Every day, we have the ability and opportunity to create a more accepting world. Even small acts of inclusion can have a big impact on making others feel accepted. Click the spaces below to see the many ways you can encourage inclusivity.

Have a family conversation

Look for informal opportunities, like dinner time or while on the way to school, to encourage conversations about implicit bias, diversity and inclusion. Having informal conversations is a great way to create a safe, open family environment in which you define and examine bias together. If you need a place to start, you can download our Family and Caregiver Guide, which provides a way to help you start a discussion about bias and discrimination at home using the original Love Has No Labels video. You can also look at ADL’s Table Talk guide to find topics to discuss with your family.

Embrace diverse media

Think about the media your family reads or watches consistently. Do the TV shows, books, games, movies and magazines you consume have a diverse cast of people and storylines, and explore perspectives different from your own? If not, you can start reading or watching more diverse media with your family, and discuss the themes together. Exposing your child to media featuring diverse characters and protagonists and discussing their identity groups can help to lay a foundation for valuing diversity and inclusion.
Lexie and her grandmother smiling Lexie and her grandmother smiling
“Even the smallest act of kindness speaks volumes for those who are affected. It’s only when we show our neighbors love that we overcome hate as a society.”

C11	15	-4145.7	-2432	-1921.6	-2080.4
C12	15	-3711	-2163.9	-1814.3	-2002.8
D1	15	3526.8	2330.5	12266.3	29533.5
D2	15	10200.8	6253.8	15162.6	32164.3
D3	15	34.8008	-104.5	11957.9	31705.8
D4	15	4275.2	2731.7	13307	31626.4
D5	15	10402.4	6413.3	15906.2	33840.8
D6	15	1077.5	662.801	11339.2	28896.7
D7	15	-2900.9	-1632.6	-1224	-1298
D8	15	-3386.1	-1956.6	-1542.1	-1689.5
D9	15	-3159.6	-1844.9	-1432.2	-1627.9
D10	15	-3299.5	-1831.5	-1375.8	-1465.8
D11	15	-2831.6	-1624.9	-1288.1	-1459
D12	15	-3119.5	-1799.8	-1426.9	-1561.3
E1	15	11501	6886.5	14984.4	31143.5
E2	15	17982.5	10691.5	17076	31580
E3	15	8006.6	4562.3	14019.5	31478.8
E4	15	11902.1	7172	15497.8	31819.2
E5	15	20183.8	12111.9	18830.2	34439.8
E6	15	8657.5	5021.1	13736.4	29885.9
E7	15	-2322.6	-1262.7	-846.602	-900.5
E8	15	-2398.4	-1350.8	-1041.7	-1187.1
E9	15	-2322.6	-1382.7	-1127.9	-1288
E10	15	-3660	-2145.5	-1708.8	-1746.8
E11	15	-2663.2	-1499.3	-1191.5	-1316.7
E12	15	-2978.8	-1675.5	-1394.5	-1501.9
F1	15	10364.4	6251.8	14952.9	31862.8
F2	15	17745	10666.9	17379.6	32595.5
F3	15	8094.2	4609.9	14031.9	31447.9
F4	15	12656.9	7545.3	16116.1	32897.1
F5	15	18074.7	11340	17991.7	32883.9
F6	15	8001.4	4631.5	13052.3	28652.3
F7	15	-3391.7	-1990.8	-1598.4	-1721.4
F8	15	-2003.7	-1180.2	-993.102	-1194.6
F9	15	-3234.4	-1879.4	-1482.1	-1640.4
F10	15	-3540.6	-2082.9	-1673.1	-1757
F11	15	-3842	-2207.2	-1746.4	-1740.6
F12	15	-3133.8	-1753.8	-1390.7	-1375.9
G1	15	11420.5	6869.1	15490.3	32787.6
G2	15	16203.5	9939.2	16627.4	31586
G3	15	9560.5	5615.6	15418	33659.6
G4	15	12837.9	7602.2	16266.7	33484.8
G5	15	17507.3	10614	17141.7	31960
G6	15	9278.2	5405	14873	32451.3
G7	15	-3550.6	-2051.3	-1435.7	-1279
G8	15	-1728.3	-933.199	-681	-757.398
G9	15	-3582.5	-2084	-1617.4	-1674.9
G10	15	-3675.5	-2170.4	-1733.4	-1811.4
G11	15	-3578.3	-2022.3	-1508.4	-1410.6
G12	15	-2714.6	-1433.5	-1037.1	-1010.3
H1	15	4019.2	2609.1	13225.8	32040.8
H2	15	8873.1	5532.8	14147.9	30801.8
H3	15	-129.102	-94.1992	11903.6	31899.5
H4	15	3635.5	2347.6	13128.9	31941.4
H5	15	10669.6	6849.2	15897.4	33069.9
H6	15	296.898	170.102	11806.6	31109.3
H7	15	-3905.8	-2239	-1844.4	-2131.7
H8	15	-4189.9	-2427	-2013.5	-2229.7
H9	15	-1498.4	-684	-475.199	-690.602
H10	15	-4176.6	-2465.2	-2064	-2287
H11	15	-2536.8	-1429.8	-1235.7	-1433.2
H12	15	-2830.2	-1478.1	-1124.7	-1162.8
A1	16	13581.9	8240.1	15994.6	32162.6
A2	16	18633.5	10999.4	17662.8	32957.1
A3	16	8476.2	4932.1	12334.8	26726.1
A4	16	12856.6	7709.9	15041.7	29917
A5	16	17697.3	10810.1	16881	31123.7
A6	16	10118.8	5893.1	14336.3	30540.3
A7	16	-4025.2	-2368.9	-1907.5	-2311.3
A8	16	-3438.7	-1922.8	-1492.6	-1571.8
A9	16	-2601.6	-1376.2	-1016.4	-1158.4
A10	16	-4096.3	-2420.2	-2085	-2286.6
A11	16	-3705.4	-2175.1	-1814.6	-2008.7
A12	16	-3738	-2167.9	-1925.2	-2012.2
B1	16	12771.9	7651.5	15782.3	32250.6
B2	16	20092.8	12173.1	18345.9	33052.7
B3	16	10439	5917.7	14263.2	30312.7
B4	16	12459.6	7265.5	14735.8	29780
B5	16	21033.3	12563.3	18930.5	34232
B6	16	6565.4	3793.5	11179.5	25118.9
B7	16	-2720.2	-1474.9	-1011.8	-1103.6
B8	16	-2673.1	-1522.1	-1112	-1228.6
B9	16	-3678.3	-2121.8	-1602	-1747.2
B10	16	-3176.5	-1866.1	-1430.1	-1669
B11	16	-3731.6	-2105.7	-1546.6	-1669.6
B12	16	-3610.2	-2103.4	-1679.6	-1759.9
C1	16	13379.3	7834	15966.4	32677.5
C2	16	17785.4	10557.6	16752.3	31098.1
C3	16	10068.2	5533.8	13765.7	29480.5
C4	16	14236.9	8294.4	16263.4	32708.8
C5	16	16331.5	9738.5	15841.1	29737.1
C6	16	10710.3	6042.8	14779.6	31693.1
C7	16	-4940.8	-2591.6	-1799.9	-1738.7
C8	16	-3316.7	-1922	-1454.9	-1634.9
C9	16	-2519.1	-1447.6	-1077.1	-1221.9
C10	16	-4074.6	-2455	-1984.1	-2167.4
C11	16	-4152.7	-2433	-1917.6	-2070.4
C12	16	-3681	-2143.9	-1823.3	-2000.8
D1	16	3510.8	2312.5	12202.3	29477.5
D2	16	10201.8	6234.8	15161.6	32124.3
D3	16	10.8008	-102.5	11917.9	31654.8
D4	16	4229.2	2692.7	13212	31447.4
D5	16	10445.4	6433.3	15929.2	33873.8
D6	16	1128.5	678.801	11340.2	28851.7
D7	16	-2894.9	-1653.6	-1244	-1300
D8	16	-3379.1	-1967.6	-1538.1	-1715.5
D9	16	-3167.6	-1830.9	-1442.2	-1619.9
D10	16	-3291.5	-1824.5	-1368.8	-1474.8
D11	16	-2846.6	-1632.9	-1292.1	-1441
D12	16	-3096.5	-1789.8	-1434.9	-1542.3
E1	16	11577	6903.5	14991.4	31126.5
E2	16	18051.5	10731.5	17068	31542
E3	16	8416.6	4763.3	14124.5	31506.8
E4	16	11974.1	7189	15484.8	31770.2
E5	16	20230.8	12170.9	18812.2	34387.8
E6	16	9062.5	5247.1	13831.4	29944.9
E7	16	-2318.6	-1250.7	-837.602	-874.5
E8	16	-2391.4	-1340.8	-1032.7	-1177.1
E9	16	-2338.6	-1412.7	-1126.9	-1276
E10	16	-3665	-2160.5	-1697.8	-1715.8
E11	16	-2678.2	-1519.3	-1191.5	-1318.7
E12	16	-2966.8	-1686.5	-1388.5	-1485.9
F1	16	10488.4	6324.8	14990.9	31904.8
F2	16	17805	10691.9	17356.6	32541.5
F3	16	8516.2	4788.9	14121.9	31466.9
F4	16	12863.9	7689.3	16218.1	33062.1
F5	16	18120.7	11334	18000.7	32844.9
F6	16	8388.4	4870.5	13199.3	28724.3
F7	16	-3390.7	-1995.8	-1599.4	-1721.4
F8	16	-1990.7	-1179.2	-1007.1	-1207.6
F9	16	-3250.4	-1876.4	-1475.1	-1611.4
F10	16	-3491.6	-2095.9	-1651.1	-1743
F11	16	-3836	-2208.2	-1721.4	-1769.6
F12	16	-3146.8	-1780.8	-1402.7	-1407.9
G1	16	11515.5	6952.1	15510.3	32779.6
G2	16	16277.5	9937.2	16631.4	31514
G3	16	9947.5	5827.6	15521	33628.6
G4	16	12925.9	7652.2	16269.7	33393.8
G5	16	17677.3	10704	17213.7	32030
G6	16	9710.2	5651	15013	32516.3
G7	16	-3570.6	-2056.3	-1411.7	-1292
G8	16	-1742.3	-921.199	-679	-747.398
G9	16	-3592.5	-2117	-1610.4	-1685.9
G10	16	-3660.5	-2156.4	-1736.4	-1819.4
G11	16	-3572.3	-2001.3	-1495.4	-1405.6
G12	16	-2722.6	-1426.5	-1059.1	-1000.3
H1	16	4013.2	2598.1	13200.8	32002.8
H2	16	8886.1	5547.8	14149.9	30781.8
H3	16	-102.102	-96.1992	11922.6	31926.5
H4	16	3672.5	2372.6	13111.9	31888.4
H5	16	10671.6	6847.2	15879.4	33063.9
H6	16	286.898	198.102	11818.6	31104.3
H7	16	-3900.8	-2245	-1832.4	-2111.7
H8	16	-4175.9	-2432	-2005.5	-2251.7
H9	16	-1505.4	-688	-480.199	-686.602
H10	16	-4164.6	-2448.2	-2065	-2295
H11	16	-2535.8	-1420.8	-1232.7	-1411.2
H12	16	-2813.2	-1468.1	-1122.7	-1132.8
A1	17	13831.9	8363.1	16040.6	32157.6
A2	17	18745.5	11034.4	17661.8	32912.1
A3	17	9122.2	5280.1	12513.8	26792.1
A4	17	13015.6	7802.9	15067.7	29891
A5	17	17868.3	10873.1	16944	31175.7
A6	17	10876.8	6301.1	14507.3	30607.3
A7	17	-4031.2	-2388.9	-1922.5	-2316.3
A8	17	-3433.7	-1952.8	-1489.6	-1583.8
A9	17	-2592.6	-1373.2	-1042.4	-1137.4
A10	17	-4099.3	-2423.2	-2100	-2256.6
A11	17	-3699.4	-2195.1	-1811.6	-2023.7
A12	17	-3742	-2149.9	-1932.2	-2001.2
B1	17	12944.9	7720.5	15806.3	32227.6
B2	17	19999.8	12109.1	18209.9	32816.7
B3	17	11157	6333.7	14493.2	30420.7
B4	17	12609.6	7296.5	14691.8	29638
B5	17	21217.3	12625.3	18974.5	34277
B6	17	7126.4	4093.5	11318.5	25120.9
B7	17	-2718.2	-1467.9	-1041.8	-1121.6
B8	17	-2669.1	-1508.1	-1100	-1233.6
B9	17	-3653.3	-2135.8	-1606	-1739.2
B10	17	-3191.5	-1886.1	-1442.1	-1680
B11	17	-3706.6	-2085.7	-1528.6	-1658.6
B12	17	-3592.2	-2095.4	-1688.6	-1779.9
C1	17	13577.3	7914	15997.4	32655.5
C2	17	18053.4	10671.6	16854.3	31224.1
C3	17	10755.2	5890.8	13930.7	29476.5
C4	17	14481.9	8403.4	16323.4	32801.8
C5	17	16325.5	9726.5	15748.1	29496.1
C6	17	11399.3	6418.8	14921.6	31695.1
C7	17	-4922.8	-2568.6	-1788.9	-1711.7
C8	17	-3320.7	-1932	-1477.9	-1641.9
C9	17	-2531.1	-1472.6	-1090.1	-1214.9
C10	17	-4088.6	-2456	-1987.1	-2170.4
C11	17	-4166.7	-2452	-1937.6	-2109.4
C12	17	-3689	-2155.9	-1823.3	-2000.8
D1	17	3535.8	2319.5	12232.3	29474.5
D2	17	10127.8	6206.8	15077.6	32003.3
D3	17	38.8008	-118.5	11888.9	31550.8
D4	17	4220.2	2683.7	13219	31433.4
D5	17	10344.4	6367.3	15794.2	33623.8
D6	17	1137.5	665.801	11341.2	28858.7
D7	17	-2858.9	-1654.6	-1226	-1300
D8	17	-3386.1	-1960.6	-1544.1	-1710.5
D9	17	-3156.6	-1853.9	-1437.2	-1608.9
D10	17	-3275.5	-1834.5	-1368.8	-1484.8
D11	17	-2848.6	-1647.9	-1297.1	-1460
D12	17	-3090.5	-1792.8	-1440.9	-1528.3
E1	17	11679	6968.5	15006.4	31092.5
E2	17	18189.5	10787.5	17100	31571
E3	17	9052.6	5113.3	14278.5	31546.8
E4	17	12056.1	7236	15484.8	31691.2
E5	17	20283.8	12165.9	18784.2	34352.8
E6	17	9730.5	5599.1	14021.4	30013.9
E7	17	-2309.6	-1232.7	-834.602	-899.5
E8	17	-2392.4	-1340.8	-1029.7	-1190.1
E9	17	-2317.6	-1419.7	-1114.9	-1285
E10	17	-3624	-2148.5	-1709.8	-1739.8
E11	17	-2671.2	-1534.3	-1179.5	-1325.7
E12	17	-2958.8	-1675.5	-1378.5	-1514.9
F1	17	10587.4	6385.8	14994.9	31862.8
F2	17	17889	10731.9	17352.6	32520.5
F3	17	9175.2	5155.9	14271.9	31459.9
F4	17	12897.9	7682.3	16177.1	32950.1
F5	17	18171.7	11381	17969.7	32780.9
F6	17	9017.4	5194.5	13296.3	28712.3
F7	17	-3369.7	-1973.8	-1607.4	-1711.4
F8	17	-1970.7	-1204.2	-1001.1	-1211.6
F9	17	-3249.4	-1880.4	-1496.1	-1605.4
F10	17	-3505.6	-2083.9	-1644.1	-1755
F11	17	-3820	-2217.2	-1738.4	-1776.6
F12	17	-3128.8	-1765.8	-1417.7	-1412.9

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Commit to thinking before you speak

We often use insensitive language out of habit or to be funny, not because we intend harm. But, insensitive language – which can include jokes based on stereotypes – can easily make some people feel unsafe or excluded. It is easier to break this habit when you and your family can commit to thinking before you speak — at least reminding each other that “there is probably a better way to say that.” Check out some language to be mindful of in our Questions to Self-Reflect.

Appeal to your family values

If a child is using biased language or joking inappropriately, communicate calmly but firmly that their language isn’t acceptable. You can say something like, “We don’t talk about people like that.” Ask if the child would like to talk, and emphasize that you’d like to help them understand the meaning of the words they are using, the impact those words have on people, and the importance of respecting differences and making everyone feel included.

Be a role model

Affirm your child’s identity and surround them with people and things that positively reflect those aspects of who they are. Model the kind of behavior you want them to display by demonstrating acts of love, acceptance and inclusion with the people you encounter in your everyday lives. By being a role model, you’re helping them become a role model within their own circles.

Respond to bias at home

If you encounter biased behavior or language at home, ask clarifying questions: “Why do you feel that way?” or “Are you saying everyone should feel this way?” Articulate your view: “You know, Dad, I actually see this differently. Here’s my experience.” By having a thoughtful conversation, you clear up any possible misunderstandings and create opportunities for further discussions.

Talk about it

If a family member makes a hurtful comment or poses an offensive question, it’s easy to shut down, put up walls, or disengage. Instead, try to show that you’re committed to strengthening your relationship, and that part of that is communicating about the things that make you uncomfortable. Say something like “Hey, I felt uncomfortable when you said ____ the other day. I really care about our relationship, and want to talk to you about this.

Anticipate and rehearse

If you think you may find yourself in situations where bias is likely to arise, try rehearsing possible responses like “Do you think some people might find that language hurtful?” or “What information are you basing that on?” Having a few responses at the ready will help you react quickly and confidently when the moment arises. By responding politely but firmly, you can lay the groundwork for a productive conversation while also making those who are experiencing bias feel welcome.